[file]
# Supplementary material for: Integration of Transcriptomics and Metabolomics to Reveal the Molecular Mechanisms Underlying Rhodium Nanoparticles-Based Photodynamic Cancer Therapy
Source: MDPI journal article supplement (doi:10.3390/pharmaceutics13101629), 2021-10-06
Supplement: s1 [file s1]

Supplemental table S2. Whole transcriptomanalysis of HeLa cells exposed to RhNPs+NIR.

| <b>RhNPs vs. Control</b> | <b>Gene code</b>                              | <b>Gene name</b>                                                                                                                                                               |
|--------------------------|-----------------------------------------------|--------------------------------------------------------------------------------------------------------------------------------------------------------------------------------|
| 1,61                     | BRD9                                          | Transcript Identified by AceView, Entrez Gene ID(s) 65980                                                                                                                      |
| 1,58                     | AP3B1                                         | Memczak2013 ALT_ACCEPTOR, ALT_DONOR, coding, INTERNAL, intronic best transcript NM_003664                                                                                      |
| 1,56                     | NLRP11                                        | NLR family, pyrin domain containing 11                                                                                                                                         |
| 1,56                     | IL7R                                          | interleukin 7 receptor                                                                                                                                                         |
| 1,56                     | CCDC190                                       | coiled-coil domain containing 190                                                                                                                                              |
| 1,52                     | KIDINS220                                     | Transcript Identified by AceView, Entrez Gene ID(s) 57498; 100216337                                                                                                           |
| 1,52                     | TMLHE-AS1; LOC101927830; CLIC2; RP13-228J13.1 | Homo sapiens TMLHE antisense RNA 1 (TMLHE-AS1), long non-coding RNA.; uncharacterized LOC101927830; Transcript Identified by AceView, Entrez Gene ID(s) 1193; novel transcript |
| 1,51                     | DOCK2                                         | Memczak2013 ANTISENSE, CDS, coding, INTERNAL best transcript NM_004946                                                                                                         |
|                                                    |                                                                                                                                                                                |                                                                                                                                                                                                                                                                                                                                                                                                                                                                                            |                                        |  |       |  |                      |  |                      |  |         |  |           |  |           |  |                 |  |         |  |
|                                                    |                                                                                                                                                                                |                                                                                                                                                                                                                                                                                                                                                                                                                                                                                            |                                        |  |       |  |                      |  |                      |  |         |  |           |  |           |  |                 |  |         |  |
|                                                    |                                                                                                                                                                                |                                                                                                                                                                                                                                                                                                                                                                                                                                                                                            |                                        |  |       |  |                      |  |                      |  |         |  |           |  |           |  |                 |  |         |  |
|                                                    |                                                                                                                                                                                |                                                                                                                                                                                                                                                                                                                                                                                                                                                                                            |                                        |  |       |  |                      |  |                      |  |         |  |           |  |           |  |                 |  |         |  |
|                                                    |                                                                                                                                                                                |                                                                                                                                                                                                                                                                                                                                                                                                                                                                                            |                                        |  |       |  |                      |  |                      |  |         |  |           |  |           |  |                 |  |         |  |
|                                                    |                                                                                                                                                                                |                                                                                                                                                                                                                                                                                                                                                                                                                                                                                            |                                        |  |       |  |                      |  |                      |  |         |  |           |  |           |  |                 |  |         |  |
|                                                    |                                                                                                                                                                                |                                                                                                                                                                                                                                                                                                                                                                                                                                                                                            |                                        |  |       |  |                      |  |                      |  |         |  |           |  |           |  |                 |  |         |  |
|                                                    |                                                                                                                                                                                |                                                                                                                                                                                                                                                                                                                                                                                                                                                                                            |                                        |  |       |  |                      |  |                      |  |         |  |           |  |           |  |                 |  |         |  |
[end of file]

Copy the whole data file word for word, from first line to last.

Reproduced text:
# Supplementary material for: Integration of Transcriptomics and Metabolomics to Reveal the Molecular Mechanisms Underlying Rhodium Nanoparticles-Based Photodynamic Cancer Therapy
Source: MDPI journal article supplement (doi:10.3390/pharmaceutics13101629), 2021-10-06
Supplement: s1 [file s1]

Supplemental table S2. Whole transcriptomanalysis of HeLa cells exposed to RhNPs+NIR.

| <b>RhNPs vs. Control</b> | <b>Gene code</b>                              | <b>Gene name</b>                                                                                                                                                               |
|--------------------------|-----------------------------------------------|--------------------------------------------------------------------------------------------------------------------------------------------------------------------------------|
| 1,61                     | BRD9                                          | Transcript Identified by AceView, Entrez Gene ID(s) 65980                                                                                                                      |
| 1,58                     | AP3B1                                         | Memczak2013 ALT_ACCEPTOR, ALT_DONOR, coding, INTERNAL, intronic best transcript NM_003664                                                                                      |
| 1,56                     | NLRP11                                        | NLR family, pyrin domain containing 11                                                                                                                                         |
| 1,56                     | IL7R                                          | interleukin 7 receptor                                                                                                                                                         |
| 1,56                     | CCDC190                                       | coiled-coil domain containing 190                                                                                                                                              |
| 1,52                     | KIDINS220                                     | Transcript Identified by AceView, Entrez Gene ID(s) 57498; 100216337                                                                                                           |
| 1,52                     | TMLHE-AS1; LOC101927830; CLIC2; RP13-228J13.1 | Homo sapiens TMLHE antisense RNA 1 (TMLHE-AS1), long non-coding RNA.; uncharacterized LOC101927830; Transcript Identified by AceView, Entrez Gene ID(s) 1193; novel transcript |
| 1,51                     | DOCK2                                         | Memczak2013 ANTISENSE, CDS, coding, INTERNAL best transcript NM_004946                                                                                                         |
|                                                    |                                                                                                                                                                                |                                                                                                                                                                                                                                                                                                                                                                                                                                                                                            |                                        |  |       |  |                      |  |                      |  |         |  |           |  |           |  |                 |  |         |  |
|                                                    |                                                                                                                                                                                |                                                                                                                                                                                                                                                                                                                                                                                                                                                                                            |                                        |  |       |  |                      |  |                      |  |         |  |           |  |           |  |                 |  |         |  |
|                                                    |                                                                                                                                                                                |                                                                                                                                                                                                                                                                                                                                                                                                                                                                                            |                                        |  |       |  |                      |  |                      |  |         |  |           |  |           |  |                 |  |         |  |
|                                                    |                                                                                                                                                                                |                                                                                                                                                                                                                                                                                                                                                                                                                                                                                            |                                        |  |       |  |                      |  |                      |  |         |  |           |  |           |  |                 |  |         |  |
|                                                    |                                                                                                                                                                                |                                                                                                                                                                                                                                                                                                                                                                                                                                                                                            |                                        |  |       |  |                      |  |                      |  |         |  |           |  |           |  |                 |  |         |  |
|                                                    |                                                                                                                                                                                |                                                                                                                                                                                                                                                                                                                                                                                                                                                                                            |                                        |  |       |  |                      |  |                      |  |         |  |           |  |           |  |                 |  |         |  |
|                                                    |                                                                                                                                                                                |                                                                                                                                                                                                                                                                                                                                                                                                                                                                                            |                                        |  |       |  |                      |  |                      |  |         |  |           |  |           |  |                 |  |         |  |
|                                                    |                                                                                                                                                                                |                                                                                                                                                                                                                                                                                                                                                                                                                                                                                            |                                        |  |       |  |                      |  |                      |  |         |  |           |  |           |  |                 |  |         |  |